In the mid-1970s, fire researcher Carl Wilson identified four common
denominators of fire behavior that caused fatalities and near-misses
on wildland fires. These four common denominators have been cited for
decades in fire safety training, in the “Fireline
Handbook” (PMS No. 410–1), and in the “Incident
Response Pocket Guide” (PMS No. 461).
Based on my analysis of 310 fire fatalities during wildland fire
operations from 1990 to 2006, I believe that it is time to consider
some 21st-century common denominators to help reduce wildland
21st Century Common Denominators for Wildland Firefighter
As the major causes of firefighter fatalities shift, additional factors
need to be considered:
Firefighters are most likely to die in an aircraft accident. Before
every flight, fire managers must ask, “Is this flight
essential?” and “Is everyone onboard essential to the
Firefighters are nearly as likely to die in a vehicle accident as
in an aircraft accident. Driving too fast for the conditions,
failure to wear seat belts, rushing to a fire, and driving home
while exhausted from firefighting kills firefighters.
Firefighters can reduce their risk of dying from heart attacks on
the job by staying fit, maintaining their body weight, and having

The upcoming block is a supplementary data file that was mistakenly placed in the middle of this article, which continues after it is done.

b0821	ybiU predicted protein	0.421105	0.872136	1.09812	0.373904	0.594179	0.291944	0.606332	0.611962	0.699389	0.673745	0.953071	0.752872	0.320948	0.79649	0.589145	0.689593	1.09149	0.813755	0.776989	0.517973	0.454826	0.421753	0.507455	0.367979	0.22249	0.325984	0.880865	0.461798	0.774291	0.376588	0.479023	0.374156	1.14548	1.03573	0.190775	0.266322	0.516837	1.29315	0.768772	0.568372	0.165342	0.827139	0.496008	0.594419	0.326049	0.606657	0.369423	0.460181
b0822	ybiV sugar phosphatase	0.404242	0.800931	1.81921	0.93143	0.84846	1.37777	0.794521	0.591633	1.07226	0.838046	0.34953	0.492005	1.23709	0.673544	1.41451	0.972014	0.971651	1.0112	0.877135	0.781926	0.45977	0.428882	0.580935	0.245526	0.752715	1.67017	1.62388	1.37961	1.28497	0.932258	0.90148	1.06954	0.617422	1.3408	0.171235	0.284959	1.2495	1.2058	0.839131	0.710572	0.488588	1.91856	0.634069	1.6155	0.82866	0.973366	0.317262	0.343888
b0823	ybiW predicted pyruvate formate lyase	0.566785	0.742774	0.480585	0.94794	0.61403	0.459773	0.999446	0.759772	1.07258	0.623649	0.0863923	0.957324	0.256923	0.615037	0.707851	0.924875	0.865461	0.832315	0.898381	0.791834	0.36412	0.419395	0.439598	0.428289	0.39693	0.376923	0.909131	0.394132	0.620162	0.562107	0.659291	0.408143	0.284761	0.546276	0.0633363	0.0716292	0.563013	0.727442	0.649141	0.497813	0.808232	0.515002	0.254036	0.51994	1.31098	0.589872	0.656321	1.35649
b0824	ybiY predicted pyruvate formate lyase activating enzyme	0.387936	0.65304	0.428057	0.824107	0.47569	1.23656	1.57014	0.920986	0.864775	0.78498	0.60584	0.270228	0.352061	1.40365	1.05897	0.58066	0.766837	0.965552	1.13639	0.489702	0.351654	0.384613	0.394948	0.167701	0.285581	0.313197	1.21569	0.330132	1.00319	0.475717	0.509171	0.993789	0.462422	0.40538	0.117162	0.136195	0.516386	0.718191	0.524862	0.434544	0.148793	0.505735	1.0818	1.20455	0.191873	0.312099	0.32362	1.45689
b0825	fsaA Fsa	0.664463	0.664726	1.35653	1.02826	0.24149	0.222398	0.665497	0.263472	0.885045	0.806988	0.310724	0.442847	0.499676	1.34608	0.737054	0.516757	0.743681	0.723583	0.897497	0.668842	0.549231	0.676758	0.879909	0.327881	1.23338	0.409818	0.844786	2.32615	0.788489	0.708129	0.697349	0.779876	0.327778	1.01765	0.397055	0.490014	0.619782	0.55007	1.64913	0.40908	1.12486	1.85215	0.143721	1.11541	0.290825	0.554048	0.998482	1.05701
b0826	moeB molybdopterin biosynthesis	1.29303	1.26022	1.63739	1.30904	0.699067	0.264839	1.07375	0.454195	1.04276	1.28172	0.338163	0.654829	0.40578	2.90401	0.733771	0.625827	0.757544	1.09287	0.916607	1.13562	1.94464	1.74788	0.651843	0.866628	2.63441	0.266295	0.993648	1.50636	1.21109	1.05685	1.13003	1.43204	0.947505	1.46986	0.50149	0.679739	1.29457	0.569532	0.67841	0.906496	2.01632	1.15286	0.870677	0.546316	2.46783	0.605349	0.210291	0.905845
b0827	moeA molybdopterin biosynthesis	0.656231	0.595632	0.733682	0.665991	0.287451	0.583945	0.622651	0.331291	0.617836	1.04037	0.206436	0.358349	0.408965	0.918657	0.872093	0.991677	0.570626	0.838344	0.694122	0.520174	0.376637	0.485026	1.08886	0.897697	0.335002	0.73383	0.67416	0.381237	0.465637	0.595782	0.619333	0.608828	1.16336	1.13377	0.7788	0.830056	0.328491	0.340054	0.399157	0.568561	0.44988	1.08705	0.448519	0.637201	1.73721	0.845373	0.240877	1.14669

regular medical checkups.
Unexpected events such as falling snags, rolling rocks, downed
power lines, and lightning strikes cause more than 8 percent of
fatalities during wildland fire fighting operations. Firefighters
and fire managers can reduce fatalities by learning to expect these
More than 20 percent of fatalities during wildland firefighting
operations continue to occur in burnovers. Carl Wilson’s
original common denominators are just as important in the 21st century
as they were in the 20th.
Carl Wilson’s Common Denominators of Fire Behavior on Tragedy
There are four major common denominators of fire behavior on fatal and
near-fatal fires. Such fires often occur:
Extract from The National Wildfire
Coordinating Group (NWCG)
On relatively small fires or deceptively quiet areas of large
In relatively light fuels, such as grass, herbs, and light brush.
When there is an unexpected shift in wind direction or wind speed.
When fire responds to topographic conditions and runs uphill.
Alignment of topography and wind during the burning period should
always be considered a trigger point to re-evaluate strategy and
- Publication, PMS 841
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Last updated 4 November 2014